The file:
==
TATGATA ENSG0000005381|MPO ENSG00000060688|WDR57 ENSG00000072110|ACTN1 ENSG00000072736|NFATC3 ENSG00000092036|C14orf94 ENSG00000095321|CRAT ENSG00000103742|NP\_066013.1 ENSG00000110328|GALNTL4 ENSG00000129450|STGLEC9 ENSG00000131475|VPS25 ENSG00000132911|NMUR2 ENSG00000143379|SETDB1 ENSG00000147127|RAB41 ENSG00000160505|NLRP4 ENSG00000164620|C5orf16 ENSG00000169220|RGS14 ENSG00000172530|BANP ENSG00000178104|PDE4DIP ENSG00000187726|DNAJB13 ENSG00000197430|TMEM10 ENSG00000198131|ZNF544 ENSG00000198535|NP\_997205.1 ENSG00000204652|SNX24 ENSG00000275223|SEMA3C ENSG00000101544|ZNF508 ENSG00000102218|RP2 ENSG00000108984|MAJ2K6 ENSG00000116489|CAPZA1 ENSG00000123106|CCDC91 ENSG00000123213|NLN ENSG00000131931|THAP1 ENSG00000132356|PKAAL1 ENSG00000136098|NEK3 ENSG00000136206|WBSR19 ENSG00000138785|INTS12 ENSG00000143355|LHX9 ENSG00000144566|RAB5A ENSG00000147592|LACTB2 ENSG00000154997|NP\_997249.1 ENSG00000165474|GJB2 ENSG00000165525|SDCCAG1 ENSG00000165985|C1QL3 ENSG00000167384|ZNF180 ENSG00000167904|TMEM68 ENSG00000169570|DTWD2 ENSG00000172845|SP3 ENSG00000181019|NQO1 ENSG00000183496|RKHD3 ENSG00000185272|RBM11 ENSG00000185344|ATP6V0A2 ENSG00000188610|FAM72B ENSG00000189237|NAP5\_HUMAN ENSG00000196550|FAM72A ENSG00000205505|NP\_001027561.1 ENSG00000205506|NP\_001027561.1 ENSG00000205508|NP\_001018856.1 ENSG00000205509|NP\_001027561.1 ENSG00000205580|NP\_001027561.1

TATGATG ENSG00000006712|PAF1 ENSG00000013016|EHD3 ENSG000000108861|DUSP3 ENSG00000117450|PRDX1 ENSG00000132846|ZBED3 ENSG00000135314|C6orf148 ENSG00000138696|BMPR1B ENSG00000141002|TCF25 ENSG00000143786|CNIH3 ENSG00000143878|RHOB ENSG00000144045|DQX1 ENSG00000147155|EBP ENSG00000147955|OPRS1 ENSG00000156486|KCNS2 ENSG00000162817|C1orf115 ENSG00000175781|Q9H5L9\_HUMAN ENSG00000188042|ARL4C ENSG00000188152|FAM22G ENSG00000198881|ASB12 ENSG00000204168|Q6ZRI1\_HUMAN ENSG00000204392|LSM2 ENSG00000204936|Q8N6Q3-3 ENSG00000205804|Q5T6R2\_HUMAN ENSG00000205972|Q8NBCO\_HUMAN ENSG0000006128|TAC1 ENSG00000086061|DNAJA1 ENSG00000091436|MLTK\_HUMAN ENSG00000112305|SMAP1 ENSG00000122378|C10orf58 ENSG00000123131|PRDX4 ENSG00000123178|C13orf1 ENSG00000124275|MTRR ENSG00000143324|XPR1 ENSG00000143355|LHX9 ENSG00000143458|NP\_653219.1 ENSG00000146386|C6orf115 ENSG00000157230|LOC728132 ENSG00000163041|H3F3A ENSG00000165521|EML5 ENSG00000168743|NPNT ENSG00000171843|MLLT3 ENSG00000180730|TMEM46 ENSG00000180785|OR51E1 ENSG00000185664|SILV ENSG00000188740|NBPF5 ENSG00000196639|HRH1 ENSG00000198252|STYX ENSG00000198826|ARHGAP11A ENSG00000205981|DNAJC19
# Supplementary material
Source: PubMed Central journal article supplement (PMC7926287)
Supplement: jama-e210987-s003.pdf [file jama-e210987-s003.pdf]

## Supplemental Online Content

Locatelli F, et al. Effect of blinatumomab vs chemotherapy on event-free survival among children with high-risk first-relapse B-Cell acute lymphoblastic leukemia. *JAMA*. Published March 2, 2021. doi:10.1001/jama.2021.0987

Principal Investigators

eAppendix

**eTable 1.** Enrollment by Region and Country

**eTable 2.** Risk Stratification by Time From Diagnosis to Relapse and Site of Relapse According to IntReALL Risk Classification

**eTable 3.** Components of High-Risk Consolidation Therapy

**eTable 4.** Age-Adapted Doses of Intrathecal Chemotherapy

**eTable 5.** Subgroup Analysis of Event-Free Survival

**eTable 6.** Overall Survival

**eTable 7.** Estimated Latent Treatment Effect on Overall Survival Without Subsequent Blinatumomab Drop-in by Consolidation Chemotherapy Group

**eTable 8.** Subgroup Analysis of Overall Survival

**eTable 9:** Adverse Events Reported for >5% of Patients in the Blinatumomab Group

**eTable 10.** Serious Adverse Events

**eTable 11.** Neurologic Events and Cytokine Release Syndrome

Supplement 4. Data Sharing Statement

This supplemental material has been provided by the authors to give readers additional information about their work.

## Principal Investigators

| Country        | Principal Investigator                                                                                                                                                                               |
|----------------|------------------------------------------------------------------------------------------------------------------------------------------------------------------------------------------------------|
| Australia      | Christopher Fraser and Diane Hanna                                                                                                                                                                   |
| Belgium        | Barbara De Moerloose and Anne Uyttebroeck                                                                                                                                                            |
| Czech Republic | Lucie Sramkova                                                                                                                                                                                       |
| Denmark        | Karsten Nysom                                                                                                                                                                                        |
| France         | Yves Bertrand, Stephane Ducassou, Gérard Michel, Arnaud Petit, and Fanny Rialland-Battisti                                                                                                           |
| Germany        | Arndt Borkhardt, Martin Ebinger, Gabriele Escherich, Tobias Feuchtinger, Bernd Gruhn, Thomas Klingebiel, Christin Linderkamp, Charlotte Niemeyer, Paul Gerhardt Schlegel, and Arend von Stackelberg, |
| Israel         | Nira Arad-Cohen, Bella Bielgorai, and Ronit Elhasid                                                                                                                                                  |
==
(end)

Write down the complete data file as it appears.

TATGATA ENSG0000005381|MPO ENSG00000060688|WDR57 ENSG00000072110|ACTN1 ENSG00000072736|NFATC3 ENSG00000092036|C14orf94 ENSG00000095321|CRAT ENSG00000103742|NP\_066013.1 ENSG00000110328|GALNTL4 ENSG00000129450|STGLEC9 ENSG00000131475|VPS25 ENSG00000132911|NMUR2 ENSG00000143379|SETDB1 ENSG00000147127|RAB41 ENSG00000160505|NLRP4 ENSG00000164620|C5orf16 ENSG00000169220|RGS14 ENSG00000172530|BANP ENSG00000178104|PDE4DIP ENSG00000187726|DNAJB13 ENSG00000197430|TMEM10 ENSG00000198131|ZNF544 ENSG00000198535|NP\_997205.1 ENSG00000204652|SNX24 ENSG00000275223|SEMA3C ENSG00000101544|ZNF508 ENSG00000102218|RP2 ENSG00000108984|MAJ2K6 ENSG00000116489|CAPZA1 ENSG00000123106|CCDC91 ENSG00000123213|NLN ENSG00000131931|THAP1 ENSG00000132356|PKAAL1 ENSG00000136098|NEK3 ENSG00000136206|WBSR19 ENSG00000138785|INTS12 ENSG00000143355|LHX9 ENSG00000144566|RAB5A ENSG00000147592|LACTB2 ENSG00000154997|NP\_997249.1 ENSG00000165474|GJB2 ENSG00000165525|SDCCAG1 ENSG00000165985|C1QL3 ENSG00000167384|ZNF180 ENSG00000167904|TMEM68 ENSG00000169570|DTWD2 ENSG00000172845|SP3 ENSG00000181019|NQO1 ENSG00000183496|RKHD3 ENSG00000185272|RBM11 ENSG00000185344|ATP6V0A2 ENSG00000188610|FAM72B ENSG00000189237|NAP5\_HUMAN ENSG00000196550|FAM72A ENSG00000205505|NP\_001027561.1 ENSG00000205506|NP\_001027561.1 ENSG00000205508|NP\_001018856.1 ENSG00000205509|NP\_001027561.1 ENSG00000205580|NP\_001027561.1

TATGATG ENSG00000006712|PAF1 ENSG00000013016|EHD3 ENSG000000108861|DUSP3 ENSG00000117450|PRDX1 ENSG00000132846|ZBED3 ENSG00000135314|C6orf148 ENSG00000138696|BMPR1B ENSG00000141002|TCF25 ENSG00000143786|CNIH3 ENSG00000143878|RHOB ENSG00000144045|DQX1 ENSG00000147155|EBP ENSG00000147955|OPRS1 ENSG00000156486|KCNS2 ENSG00000162817|C1orf115 ENSG00000175781|Q9H5L9\_HUMAN ENSG00000188042|ARL4C ENSG00000188152|FAM22G ENSG00000198881|ASB12 ENSG00000204168|Q6ZRI1\_HUMAN ENSG00000204392|LSM2 ENSG00000204936|Q8N6Q3-3 ENSG00000205804|Q5T6R2\_HUMAN ENSG00000205972|Q8NBCO\_HUMAN ENSG0000006128|TAC1 ENSG00000086061|DNAJA1 ENSG00000091436|MLTK\_HUMAN ENSG00000112305|SMAP1 ENSG00000122378|C10orf58 ENSG00000123131|PRDX4 ENSG00000123178|C13orf1 ENSG00000124275|MTRR ENSG00000143324|XPR1 ENSG00000143355|LHX9 ENSG00000143458|NP\_653219.1 ENSG00000146386|C6orf115 ENSG00000157230|LOC728132 ENSG00000163041|H3F3A ENSG00000165521|EML5 ENSG00000168743|NPNT ENSG00000171843|MLLT3 ENSG00000180730|TMEM46 ENSG00000180785|OR51E1 ENSG00000185664|SILV ENSG00000188740|NBPF5 ENSG00000196639|HRH1 ENSG00000198252|STYX ENSG00000198826|ARHGAP11A ENSG00000205981|DNAJC19
# Supplementary material
Source: PubMed Central journal article supplement (PMC7926287)
Supplement: jama-e210987-s003.pdf [file jama-e210987-s003.pdf]

## Supplemental Online Content

Locatelli F, et al. Effect of blinatumomab vs chemotherapy on event-free survival among children with high-risk first-relapse B-Cell acute lymphoblastic leukemia. *JAMA*. Published March 2, 2021. doi:10.1001/jama.2021.0987

Principal Investigators

eAppendix

**eTable 1.** Enrollment by Region and Country

**eTable 2.** Risk Stratification by Time From Diagnosis to Relapse and Site of Relapse According to IntReALL Risk Classification

**eTable 3.** Components of High-Risk Consolidation Therapy

**eTable 4.** Age-Adapted Doses of Intrathecal Chemotherapy

**eTable 5.** Subgroup Analysis of Event-Free Survival

**eTable 6.** Overall Survival

**eTable 7.** Estimated Latent Treatment Effect on Overall Survival Without Subsequent Blinatumomab Drop-in by Consolidation Chemotherapy Group

**eTable 8.** Subgroup Analysis of Overall Survival

**eTable 9:** Adverse Events Reported for >5% of Patients in the Blinatumomab Group

**eTable 10.** Serious Adverse Events

**eTable 11.** Neurologic Events and Cytokine Release Syndrome

Supplement 4. Data Sharing Statement

This supplemental material has been provided by the authors to give readers additional information about their work.

## Principal Investigators

| Country        | Principal Investigator                                                                                                                                                                               |
|----------------|------------------------------------------------------------------------------------------------------------------------------------------------------------------------------------------------------|
| Australia      | Christopher Fraser and Diane Hanna                                                                                                                                                                   |
| Belgium        | Barbara De Moerloose and Anne Uyttebroeck                                                                                                                                                            |
| Czech Republic | Lucie Sramkova                                                                                                                                                                                       |
| Denmark        | Karsten Nysom                                                                                                                                                                                        |
| France         | Yves Bertrand, Stephane Ducassou, Gérard Michel, Arnaud Petit, and Fanny Rialland-Battisti                                                                                                           |
| Germany        | Arndt Borkhardt, Martin Ebinger, Gabriele Escherich, Tobias Feuchtinger, Bernd Gruhn, Thomas Klingebiel, Christin Linderkamp, Charlotte Niemeyer, Paul Gerhardt Schlegel, and Arend von Stackelberg, |
| Israel         | Nira Arad-Cohen, Bella Bielgorai, and Ronit Elhasid                                                                                                                                                  |